Archive for November, 2011

Peeving etc. postings

November 26, 2011

In response to a query about “language peevers”, I offer a partial inventory of postings on language rage, language peeving, word aversion, and word attraction on Language Log and this blog. I stopped keeping the inventory up to date early this year; there is just so much to deal with.


The end of books, or maybe grammar

November 26, 2011

Today’s Zippy:

Three things: the prediction of the end of the book (endless symposia, publications, etc. on the future of the book, and how it probably doesn’t have one), software developers as authorities on such matters, and the faults of language peevers (much commented on over the years on Language Log).

Bizarro POP

November 26, 2011

Today’s Bizarro:

A classic POP — phrasal overlap portmanteau — building on clown college, college football, and football widow.

The holiday season

November 25, 2011

For reference, an outline of what constitutes the holiday season. A complicated matter, since there’s both a secular and a religious notion in this domain, and the two are intertwined.


Cartoon technical talk composite modifier pile-up example

November 25, 2011

Today’s Zits:

Pierce indulges in a pile-up of modifiers in the composite expression personal reference respite environments. These pile-ups are characteristic of newspaper headlines (especially in British papers) and other contexts where brevity is valued, like signage, but they also have a home in officialese, business jargon, and other types of “technical talk”, where they function as much to convey seriousness as to save space (in this case, incorporating the jargonish respite, environment, personal, and reference).

Despite his appearance, Pierce might have a future in an office environment.


November 25, 2011

From the “Metropolitan Diary” in the NYT of November 21st, this letter from Diane Orton:

My 4 1/2-year-old grandson, Max, hears and loves a great deal of classical music; one of his favorites is “The Rite of Spring.”

Riding in the car and listening to it with my musician son, Max told his dad who had composed it: “Eeyore Stravinsky.”

A child mondegreen, or childegreen for short.


Another Science Times headline

November 25, 2011

Not exactly “found poetry” (like the Science Times headline and text in this posting) because it was surely intentional. From November 22nd:

Microscopes and Math
Reveal a Moth’s True Hue

Alliteration and rhyme. And it’s in iambic trimeter (with a short first foot in the first line).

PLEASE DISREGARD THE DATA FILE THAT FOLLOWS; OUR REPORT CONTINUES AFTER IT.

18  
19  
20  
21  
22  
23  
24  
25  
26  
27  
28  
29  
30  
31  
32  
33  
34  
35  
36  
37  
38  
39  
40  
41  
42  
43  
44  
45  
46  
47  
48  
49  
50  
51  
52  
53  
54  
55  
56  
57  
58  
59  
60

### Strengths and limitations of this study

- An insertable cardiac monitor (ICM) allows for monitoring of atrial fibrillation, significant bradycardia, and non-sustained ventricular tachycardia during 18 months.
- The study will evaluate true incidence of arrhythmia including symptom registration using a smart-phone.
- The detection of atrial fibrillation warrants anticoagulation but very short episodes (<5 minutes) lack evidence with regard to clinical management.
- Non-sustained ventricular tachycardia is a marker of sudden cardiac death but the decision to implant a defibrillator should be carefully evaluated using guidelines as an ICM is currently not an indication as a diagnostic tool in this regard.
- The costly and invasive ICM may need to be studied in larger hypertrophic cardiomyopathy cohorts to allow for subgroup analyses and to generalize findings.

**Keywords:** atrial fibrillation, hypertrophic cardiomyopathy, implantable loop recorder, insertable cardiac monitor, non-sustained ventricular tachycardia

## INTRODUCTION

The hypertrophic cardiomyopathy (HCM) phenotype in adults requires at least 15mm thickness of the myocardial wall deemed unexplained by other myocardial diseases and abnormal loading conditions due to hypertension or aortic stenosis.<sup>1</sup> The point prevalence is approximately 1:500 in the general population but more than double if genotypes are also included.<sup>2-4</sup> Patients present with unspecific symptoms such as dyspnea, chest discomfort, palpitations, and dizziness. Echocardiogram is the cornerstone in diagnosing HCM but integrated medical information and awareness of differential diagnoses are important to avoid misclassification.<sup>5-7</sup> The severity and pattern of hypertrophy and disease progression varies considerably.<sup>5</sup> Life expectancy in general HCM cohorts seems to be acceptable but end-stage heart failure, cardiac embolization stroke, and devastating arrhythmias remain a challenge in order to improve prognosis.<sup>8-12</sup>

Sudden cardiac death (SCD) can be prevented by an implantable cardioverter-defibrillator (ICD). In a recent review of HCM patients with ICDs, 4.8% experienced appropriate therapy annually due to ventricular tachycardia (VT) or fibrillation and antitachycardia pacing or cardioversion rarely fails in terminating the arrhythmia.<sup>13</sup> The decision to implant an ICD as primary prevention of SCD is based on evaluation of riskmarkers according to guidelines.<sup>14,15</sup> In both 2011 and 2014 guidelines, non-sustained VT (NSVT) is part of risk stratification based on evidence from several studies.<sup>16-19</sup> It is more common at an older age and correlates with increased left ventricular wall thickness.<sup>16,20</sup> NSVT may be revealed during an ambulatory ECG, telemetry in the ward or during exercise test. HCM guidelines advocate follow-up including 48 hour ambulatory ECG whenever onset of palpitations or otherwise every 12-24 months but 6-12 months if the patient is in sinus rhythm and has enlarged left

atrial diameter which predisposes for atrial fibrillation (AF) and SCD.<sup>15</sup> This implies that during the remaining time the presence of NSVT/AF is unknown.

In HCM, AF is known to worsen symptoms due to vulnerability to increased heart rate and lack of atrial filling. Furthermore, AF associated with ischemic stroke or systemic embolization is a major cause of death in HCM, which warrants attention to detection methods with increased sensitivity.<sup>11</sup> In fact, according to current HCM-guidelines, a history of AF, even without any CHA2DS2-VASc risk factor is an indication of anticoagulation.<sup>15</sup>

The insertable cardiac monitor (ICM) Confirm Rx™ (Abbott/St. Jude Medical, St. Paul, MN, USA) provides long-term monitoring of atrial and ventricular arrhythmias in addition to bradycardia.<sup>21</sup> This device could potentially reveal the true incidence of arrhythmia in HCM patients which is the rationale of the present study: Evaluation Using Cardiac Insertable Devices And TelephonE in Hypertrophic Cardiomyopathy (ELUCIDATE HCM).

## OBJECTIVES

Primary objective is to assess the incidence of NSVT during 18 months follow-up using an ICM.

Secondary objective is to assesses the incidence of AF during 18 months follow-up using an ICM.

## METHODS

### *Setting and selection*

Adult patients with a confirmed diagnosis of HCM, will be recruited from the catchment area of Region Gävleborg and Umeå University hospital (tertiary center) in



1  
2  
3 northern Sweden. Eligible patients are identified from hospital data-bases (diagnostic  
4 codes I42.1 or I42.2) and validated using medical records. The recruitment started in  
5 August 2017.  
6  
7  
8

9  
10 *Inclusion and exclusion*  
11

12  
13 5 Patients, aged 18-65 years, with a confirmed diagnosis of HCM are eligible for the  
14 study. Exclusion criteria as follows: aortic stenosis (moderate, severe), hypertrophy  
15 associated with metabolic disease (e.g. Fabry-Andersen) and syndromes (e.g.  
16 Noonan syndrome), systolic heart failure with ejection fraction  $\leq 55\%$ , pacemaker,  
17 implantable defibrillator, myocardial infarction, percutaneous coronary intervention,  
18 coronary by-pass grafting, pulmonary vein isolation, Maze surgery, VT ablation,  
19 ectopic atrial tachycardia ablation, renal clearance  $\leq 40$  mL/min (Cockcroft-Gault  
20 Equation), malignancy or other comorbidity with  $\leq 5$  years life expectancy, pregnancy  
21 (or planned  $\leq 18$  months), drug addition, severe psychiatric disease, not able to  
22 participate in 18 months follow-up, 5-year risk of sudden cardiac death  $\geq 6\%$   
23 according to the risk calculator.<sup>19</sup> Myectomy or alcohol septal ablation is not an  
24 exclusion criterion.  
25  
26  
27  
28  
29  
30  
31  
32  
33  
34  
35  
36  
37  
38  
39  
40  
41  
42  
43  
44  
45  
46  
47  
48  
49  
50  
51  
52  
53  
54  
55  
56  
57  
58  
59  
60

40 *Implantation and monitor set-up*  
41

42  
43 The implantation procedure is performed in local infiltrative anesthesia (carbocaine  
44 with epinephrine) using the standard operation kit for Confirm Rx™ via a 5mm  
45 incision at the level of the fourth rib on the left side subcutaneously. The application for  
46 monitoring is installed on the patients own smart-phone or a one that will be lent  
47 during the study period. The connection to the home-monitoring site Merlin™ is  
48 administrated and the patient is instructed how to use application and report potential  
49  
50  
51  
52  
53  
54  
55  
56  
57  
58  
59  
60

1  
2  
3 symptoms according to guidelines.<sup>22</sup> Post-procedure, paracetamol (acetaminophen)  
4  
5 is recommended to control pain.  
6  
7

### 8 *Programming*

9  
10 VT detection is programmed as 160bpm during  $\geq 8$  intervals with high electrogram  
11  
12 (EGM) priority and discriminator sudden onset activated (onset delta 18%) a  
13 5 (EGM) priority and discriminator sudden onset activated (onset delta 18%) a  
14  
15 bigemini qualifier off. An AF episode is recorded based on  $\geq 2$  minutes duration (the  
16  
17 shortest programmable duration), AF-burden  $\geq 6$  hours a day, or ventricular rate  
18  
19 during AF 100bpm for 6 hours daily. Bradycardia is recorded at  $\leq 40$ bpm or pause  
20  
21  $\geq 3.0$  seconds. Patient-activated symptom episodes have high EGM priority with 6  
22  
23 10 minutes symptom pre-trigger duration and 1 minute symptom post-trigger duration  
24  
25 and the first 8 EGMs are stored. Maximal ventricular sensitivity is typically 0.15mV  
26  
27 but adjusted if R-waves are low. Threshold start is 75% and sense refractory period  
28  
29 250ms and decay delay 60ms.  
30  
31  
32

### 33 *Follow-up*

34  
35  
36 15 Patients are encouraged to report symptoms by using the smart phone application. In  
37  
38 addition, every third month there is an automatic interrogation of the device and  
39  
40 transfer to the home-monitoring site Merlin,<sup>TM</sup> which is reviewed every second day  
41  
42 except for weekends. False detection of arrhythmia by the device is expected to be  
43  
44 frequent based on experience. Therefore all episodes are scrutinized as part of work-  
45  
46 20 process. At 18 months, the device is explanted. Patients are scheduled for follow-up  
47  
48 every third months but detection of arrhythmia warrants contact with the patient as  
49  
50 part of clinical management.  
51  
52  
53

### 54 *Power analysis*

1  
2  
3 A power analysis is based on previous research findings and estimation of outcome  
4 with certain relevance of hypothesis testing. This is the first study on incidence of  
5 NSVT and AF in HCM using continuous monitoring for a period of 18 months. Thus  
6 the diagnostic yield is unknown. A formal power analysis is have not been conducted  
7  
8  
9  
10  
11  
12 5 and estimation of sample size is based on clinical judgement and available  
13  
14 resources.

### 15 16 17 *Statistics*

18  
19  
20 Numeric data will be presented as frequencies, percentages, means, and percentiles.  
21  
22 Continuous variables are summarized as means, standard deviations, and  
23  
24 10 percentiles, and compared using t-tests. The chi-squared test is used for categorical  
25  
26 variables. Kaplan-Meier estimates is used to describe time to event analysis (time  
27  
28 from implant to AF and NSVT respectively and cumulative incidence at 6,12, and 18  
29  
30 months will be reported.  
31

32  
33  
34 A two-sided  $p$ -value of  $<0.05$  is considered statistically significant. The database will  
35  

Science reporting is a “ludic locale” (for the term, see here; for more on science writing as a ludic locale, see here), and headlines are especially likely places for language play, but the metrical regulation of this headline pushes it into the area of poetry — poetry meant to be found, and appreciated.


Two obits

November 25, 2011

In the November 23rd NYT, two obits: for jazz musician Paul Motian (aged 80) and pollster George Gallup Jr. (aged 81).


Christmas music update

November 24, 2011

The onset of Christmas music (and more generally, “holiday music”) began at Halloween and is now in full flow. While in general I feel unpleasantly imposed on by the onslaught, especially in public places and especially by dreadful renditions of cutesy or boring songs, I’ve accumulated quite a lot of Christmas music on my iTunes.

Last year on Christmas Eve I posted about this music on this blog. Here’s an update.


Conrad Zwicky

November 24, 2011

Not about language; instead, about a Zwicky who turned up in my view half an hour ago: Conrad Zwicky, born in 1946, a Swiss violist, organist, and composer (German Wikipedia page here). What caught my eye was the release of an album by the ZHdK Strings, Rudolf Koelman, and Duncan McTier with three compositions:

Antonin Dvorak, Serenade for Strings in E major, Op. 22
Conrad Zwicky, Vier Orchesteretüden für Streicher
Giovanni Bottesini, Grand Duo Concertant for Violin, Double Bass and Strings

( ZHdK is Die Zürcher Hochshule der Künste (the Zurich University of the Arts).)

Giovanni Bottesini(1821-1869) was an Italian Romantic composer, conductor, and double bass virtuoso. I assume you know about Antonin Dvořák.

Now to listen to the music.